May 14, 1928


Section agreed to. On section 3 Reasons for grading.


LIB

Charles Marcil

Liberal

The CHAIRMAN (Mr. Marcil):

This section has been amended by adding after the word "matter" in subsection 2 the words, "not naturally produced with the hay or straw."

Section as amended agreed to.

On section 4-Imported hay and straw, how to be graded.

Topic:   HAY AND STRAW INSPECTION ACT AMENDMENT
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IND

Alan Webster Neill

Independent

Mr. NEILL:

What is the meaning of the words "applicable to hay grown in the province into which hay is imported"? The bill says that when straw imported into Canada is inspected, the inspection and grading has to be done in accordance with the provisions of this act, but in the case of hay there are these additional words, "applicable to hay

Hay Inspection Act

grown in the province into which hay is imported." There is no provision in this act dealing with specific regulations as regards one province more than another, and I should like to ask what is the purpose of these words.

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LIB

William Richard Motherwell (Minister of Agriculture)

Liberal

Mr. MOTHERWELL:

Under the old act there was a variation in grades in different parts of Canada; there would be an outstanding difference in the quality of the hay. The intention here is simply to recognize distinct grades for each province, where necessary. Dawn in the maritimes, for instance, in Nova Scotia, we have marsh hay, having peculiarities differing substantially from upland hay, although it is tame hay. In New Brunswick and in Prince Edward Island we have the regular order of hay. In Quebec it is largely timothy. In the prairies the hay has distinctive characteristics, and in Alberta it is largely alfalfa. The idea is to work out a system of grades that will take care of the peculiar characteristics of hay that we have throughout Canada.

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IND

Alan Webster Neill

Independent

Mr. NEILL:

Are you going to establish grades by regulation?

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LIB

William Richard Motherwell (Minister of Agriculture)

Liberal

Mr. MOTHERWELL:

Under the advisory board.

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IND

Alan Webster Neill

Independent

Mr. NEILL:

There is nothing in the act to indicate the minister's intention to do it according to regulations made under the act.

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LIB

William Richard Motherwell (Minister of Agriculture)

Liberal

Mr. MOTHERWELL:

We have power in the act to make regulations.

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IND

Alan Webster Neill

Independent

Mr. NEILL:

If it is to be done by regulations, reference ought to be made to the regulations in the act, but there is no reference here.

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LIB

William Richard Motherwell (Minister of Agriculture)

Liberal

Mr. MOTHERWELL:

If my hon. friend thinks that would make it any plainer-

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CON

Hugh Alexander Stewart

Conservative (1867-1942)

Mr. STEWART (Leeds):

If regulations are to be passed under the provisions of this act under which grades are to be established, surely the regulations should be mentioned in the provisions of the act.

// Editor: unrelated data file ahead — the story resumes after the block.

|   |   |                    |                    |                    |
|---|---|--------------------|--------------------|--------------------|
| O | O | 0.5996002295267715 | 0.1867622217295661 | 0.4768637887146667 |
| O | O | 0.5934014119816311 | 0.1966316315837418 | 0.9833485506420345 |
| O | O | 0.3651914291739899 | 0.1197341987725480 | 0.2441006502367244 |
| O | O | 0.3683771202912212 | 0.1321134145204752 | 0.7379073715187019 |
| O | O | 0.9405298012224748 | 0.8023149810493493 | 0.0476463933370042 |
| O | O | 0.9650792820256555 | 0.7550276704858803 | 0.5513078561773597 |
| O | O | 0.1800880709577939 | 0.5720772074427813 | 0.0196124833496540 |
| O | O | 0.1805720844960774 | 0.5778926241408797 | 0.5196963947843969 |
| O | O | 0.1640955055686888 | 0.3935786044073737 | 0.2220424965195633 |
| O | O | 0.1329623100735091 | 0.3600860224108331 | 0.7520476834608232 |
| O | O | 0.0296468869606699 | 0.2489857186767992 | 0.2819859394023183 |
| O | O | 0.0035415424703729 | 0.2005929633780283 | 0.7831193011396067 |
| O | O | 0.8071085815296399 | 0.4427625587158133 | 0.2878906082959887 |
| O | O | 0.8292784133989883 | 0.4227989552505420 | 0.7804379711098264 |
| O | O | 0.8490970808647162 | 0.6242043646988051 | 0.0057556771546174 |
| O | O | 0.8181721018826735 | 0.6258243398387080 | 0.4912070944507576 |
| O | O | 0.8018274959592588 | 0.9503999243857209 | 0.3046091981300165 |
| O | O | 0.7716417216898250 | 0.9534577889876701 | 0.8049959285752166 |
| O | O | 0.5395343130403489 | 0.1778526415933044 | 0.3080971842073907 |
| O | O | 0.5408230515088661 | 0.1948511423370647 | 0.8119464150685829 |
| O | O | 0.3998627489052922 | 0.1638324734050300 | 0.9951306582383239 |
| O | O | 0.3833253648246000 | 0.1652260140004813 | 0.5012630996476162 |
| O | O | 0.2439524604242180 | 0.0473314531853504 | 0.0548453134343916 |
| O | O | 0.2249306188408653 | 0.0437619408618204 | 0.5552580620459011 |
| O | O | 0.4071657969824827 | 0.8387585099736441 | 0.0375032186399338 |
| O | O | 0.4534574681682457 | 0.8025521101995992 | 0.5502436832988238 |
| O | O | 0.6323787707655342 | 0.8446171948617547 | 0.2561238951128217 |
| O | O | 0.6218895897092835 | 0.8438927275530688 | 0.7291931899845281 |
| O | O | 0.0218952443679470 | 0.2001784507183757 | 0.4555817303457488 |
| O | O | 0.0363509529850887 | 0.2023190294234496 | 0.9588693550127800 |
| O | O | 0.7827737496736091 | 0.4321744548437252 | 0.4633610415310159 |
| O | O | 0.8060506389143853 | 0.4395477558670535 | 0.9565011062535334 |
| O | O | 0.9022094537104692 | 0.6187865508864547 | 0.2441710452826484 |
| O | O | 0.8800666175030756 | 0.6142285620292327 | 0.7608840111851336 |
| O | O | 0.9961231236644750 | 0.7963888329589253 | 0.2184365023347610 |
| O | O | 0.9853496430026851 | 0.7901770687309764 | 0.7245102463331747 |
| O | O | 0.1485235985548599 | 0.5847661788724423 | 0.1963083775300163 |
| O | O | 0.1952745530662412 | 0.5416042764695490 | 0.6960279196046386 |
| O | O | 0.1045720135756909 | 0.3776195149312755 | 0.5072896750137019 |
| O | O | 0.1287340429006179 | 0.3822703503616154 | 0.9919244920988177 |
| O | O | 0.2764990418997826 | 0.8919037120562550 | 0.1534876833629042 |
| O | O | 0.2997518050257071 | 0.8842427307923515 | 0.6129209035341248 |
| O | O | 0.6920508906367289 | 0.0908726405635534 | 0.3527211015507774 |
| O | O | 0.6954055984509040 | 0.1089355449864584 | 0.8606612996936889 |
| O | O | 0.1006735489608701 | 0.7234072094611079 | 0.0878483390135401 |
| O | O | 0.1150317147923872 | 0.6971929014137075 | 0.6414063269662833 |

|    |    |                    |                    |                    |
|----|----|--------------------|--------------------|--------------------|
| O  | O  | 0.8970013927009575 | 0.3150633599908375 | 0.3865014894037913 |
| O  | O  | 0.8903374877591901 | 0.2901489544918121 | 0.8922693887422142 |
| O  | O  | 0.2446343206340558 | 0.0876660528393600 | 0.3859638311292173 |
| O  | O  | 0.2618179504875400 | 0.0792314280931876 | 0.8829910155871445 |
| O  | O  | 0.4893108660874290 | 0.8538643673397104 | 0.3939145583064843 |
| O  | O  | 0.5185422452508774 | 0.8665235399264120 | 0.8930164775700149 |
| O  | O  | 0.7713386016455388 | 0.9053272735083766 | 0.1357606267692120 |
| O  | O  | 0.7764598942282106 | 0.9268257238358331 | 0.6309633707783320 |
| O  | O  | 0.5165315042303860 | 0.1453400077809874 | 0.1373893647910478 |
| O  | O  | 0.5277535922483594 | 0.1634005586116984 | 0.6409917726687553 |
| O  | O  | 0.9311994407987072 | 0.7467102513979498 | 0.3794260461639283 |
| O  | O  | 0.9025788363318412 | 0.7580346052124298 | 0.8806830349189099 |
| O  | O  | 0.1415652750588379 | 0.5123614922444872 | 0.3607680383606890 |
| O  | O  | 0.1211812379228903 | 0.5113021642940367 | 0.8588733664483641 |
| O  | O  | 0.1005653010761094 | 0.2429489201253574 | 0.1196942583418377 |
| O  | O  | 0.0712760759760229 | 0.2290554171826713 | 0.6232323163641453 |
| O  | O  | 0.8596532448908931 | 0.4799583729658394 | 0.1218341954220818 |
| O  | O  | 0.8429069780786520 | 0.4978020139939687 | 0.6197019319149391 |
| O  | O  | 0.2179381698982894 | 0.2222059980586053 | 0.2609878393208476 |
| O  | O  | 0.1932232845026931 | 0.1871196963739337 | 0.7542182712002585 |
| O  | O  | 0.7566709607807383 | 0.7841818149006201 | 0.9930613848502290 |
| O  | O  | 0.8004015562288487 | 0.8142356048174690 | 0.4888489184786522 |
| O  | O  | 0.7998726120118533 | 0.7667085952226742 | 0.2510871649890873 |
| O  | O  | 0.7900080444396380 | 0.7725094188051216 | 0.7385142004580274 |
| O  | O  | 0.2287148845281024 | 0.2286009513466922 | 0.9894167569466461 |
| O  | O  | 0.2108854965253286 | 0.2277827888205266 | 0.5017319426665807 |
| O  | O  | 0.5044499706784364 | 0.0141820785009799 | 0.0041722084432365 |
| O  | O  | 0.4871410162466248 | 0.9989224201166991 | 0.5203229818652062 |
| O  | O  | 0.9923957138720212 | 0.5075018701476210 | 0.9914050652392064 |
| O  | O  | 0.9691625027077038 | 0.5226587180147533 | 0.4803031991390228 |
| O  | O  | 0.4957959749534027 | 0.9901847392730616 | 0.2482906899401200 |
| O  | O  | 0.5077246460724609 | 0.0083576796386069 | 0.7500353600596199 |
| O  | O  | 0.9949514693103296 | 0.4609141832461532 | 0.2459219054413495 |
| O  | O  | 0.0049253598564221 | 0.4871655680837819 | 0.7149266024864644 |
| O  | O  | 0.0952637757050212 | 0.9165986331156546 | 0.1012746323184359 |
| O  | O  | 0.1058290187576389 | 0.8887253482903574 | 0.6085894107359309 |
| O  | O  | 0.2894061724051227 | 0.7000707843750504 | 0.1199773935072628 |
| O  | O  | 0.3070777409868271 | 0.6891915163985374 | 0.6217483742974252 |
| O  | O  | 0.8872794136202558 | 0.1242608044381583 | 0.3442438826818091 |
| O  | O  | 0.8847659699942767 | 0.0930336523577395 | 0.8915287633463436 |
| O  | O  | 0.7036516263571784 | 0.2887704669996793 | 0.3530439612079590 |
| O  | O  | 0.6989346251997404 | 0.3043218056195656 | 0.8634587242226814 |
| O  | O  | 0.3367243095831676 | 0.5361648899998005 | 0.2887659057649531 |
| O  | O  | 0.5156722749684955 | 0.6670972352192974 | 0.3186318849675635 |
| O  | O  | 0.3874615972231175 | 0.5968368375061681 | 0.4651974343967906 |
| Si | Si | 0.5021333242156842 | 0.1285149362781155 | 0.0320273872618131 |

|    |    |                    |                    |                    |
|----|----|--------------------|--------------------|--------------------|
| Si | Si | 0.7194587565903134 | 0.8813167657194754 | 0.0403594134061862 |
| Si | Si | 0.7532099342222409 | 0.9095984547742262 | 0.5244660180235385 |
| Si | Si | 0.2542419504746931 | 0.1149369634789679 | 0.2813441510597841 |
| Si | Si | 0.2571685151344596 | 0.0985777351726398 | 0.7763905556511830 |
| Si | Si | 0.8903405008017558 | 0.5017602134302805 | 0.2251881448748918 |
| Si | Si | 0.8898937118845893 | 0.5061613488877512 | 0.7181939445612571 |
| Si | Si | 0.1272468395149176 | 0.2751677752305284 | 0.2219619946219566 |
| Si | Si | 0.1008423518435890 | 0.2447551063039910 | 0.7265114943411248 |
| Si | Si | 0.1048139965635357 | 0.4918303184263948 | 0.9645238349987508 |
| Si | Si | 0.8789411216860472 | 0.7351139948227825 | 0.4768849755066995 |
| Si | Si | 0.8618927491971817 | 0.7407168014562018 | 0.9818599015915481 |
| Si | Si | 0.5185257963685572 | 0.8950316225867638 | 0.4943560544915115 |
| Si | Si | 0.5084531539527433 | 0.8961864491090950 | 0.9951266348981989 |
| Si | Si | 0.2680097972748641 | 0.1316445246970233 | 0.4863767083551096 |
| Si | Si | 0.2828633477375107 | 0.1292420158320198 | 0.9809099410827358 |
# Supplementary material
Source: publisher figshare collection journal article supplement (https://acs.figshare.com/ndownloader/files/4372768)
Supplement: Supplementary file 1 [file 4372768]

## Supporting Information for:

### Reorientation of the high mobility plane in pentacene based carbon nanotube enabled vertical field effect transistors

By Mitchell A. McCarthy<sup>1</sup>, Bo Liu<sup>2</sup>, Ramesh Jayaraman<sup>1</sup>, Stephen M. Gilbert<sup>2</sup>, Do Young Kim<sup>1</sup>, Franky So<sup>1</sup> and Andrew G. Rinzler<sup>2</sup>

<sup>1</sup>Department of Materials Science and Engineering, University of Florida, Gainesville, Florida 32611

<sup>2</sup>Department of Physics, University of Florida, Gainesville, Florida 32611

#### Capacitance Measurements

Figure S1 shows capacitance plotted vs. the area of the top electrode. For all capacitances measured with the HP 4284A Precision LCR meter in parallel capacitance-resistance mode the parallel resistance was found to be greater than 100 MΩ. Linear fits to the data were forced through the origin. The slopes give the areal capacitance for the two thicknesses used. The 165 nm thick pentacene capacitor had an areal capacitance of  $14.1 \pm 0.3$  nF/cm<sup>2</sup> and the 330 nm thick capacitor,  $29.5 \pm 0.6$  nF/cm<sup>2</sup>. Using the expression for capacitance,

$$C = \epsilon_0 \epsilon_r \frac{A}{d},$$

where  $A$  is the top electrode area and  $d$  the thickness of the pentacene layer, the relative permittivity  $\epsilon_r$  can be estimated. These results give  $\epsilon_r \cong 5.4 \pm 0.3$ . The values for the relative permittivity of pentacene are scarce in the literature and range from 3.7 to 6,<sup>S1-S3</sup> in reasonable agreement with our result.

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LIB

William Richard Motherwell (Minister of Agriculture)

Liberal

Mr. MOTHERWELL:

This section is no doubt capable of improvement to make it more lucid, but it is just as we have had it in the old act, although that may not be a good commendation. But I see my hon. friend's point. We have power, however, to act on the advice of the advisory board in the matter of establishing standards.

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LIB

Roch Lanctôt

Liberal

Mr. LANCTOT (Translation):

Mr. Chairman, I had the privilege of being present at the sittings of the committee on agriculture

which, some time ago, recommended the adoption of this bill. To-day, I wish to set forth the viewpoint of the province of Quebec, because in this country there are various qualities of hay. I wonder whether Alberta, among other provinces, grows really hay for commercial purposes. I rather think that this bill is especially introduced to please the farmers of Alberta, because there is a variety of other things in their hay. They made the sale of this hay legal, although they admitted that it contained wood and bones of animal carcases, etc.

As I stated, before the committee of agriculture, there are to-day all kinds of new machinery to take care of the hay crop, work which we old timers of Quebec used to do by hand. I am still in favour of grading the hay in the field after it has been mowed and raked separately; we do not gather it in hay-cocks to-day because we have hay loaders. Unfortunately, this makes the hay more difficult to grade. It is different with grain, which we can pass through the fanning-mill, and if necessary we pass it through two or three times so as to obtain grain suitable for seeding. The hay cannot be put through the same process. For instance, in one mording about 20 arpents of hay is cut on a piece of land measuring 15 arpents in length by li to 2 arpents in width; let us suppose that we have in succession a strip of pure clover, another of mixed clover, and a third of fine timothy; in my father's time all the timothy, the pure clover and the mixed clover were handled separately and also placed in different bays in our barns so that we had some fine, medium and ordinary hay. We therefore had a bay of fine hay, a bay of medium hay and a bay of ordinary hay. When it was taken into the bam we could separate the various qualities and we sold the hay according to its grading, Nos. 1, 2 or 3; who could grade the hay to-day while it is being pressed since it is all mixed? Grading is simply impossible. I have been a hay dealer for the last 36 years. I employ, to grade the hay, men with experience, as well qualified as any inspector of the Department of Agriculture. When I purchase 100 tons of hay from a farmer I send an expert; the latter examines two cars and grades them. He places in one car the best quality of hay and that of medium quality in one of the warehouses which we have here and there throughout the district where the hay is bought. If the hay was graded in the fields we could caution the farmer; and he would bring us